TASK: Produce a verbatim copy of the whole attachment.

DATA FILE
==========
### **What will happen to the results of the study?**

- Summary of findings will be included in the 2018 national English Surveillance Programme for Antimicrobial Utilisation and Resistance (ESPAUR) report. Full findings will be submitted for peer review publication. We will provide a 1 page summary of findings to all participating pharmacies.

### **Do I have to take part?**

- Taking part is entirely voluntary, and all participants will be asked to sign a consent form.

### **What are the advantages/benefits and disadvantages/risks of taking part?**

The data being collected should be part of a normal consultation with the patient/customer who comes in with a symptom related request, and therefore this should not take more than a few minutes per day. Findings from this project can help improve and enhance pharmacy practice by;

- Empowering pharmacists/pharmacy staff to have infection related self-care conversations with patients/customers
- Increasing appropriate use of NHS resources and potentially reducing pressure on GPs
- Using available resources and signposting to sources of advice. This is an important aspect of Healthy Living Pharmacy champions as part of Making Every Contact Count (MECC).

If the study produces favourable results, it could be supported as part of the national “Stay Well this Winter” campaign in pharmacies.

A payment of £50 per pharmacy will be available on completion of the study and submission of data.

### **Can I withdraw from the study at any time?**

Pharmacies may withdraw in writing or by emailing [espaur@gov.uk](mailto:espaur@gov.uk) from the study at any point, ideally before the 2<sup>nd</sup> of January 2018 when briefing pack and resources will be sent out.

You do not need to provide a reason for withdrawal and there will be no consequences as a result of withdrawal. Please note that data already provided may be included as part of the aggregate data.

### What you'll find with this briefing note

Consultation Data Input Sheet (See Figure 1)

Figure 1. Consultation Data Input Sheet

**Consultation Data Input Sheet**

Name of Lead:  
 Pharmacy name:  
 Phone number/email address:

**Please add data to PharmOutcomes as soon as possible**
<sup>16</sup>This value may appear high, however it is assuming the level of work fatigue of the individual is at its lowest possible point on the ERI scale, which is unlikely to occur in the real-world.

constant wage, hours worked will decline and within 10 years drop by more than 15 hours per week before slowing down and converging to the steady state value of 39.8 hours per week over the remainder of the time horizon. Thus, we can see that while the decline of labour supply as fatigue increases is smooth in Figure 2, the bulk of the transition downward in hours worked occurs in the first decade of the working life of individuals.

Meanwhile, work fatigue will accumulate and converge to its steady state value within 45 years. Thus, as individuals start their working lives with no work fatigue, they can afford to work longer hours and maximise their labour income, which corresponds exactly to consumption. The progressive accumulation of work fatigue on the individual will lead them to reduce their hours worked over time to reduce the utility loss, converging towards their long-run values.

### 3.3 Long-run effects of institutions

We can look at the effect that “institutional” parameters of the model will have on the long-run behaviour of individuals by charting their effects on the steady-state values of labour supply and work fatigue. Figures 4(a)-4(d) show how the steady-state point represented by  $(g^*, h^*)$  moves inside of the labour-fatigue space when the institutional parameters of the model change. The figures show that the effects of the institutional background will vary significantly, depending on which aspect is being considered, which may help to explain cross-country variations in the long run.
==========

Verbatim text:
### **What will happen to the results of the study?**

- Summary of findings will be included in the 2018 national English Surveillance Programme for Antimicrobial Utilisation and Resistance (ESPAUR) report. Full findings will be submitted for peer review publication. We will provide a 1 page summary of findings to all participating pharmacies.

### **Do I have to take part?**

- Taking part is entirely voluntary, and all participants will be asked to sign a consent form.

### **What are the advantages/benefits and disadvantages/risks of taking part?**

The data being collected should be part of a normal consultation with the patient/customer who comes in with a symptom related request, and therefore this should not take more than a few minutes per day. Findings from this project can help improve and enhance pharmacy practice by;

- Empowering pharmacists/pharmacy staff to have infection related self-care conversations with patients/customers
- Increasing appropriate use of NHS resources and potentially reducing pressure on GPs
- Using available resources and signposting to sources of advice. This is an important aspect of Healthy Living Pharmacy champions as part of Making Every Contact Count (MECC).

If the study produces favourable results, it could be supported as part of the national “Stay Well this Winter” campaign in pharmacies.

A payment of £50 per pharmacy will be available on completion of the study and submission of data.

### **Can I withdraw from the study at any time?**

Pharmacies may withdraw in writing or by emailing [espaur@gov.uk](mailto:espaur@gov.uk) from the study at any point, ideally before the 2<sup>nd</sup> of January 2018 when briefing pack and resources will be sent out.

You do not need to provide a reason for withdrawal and there will be no consequences as a result of withdrawal. Please note that data already provided may be included as part of the aggregate data.

### What you'll find with this briefing note

Consultation Data Input Sheet (See Figure 1)

Figure 1. Consultation Data Input Sheet

**Consultation Data Input Sheet**

Name of Lead:  
 Pharmacy name:  
 Phone number/email address:

**Please add data to PharmOutcomes as soon as possible**
<sup>16</sup>This value may appear high, however it is assuming the level of work fatigue of the individual is at its lowest possible point on the ERI scale, which is unlikely to occur in the real-world.

constant wage, hours worked will decline and within 10 years drop by more than 15 hours per week before slowing down and converging to the steady state value of 39.8 hours per week over the remainder of the time horizon. Thus, we can see that while the decline of labour supply as fatigue increases is smooth in Figure 2, the bulk of the transition downward in hours worked occurs in the first decade of the working life of individuals.

Meanwhile, work fatigue will accumulate and converge to its steady state value within 45 years. Thus, as individuals start their working lives with no work fatigue, they can afford to work longer hours and maximise their labour income, which corresponds exactly to consumption. The progressive accumulation of work fatigue on the individual will lead them to reduce their hours worked over time to reduce the utility loss, converging towards their long-run values.

### 3.3 Long-run effects of institutions

We can look at the effect that “institutional” parameters of the model will have on the long-run behaviour of individuals by charting their effects on the steady-state values of labour supply and work fatigue. Figures 4(a)-4(d) show how the steady-state point represented by  $(g^*, h^*)$  moves inside of the labour-fatigue space when the institutional parameters of the model change. The figures show that the effects of the institutional background will vary significantly, depending on which aspect is being considered, which may help to explain cross-country variations in the long run.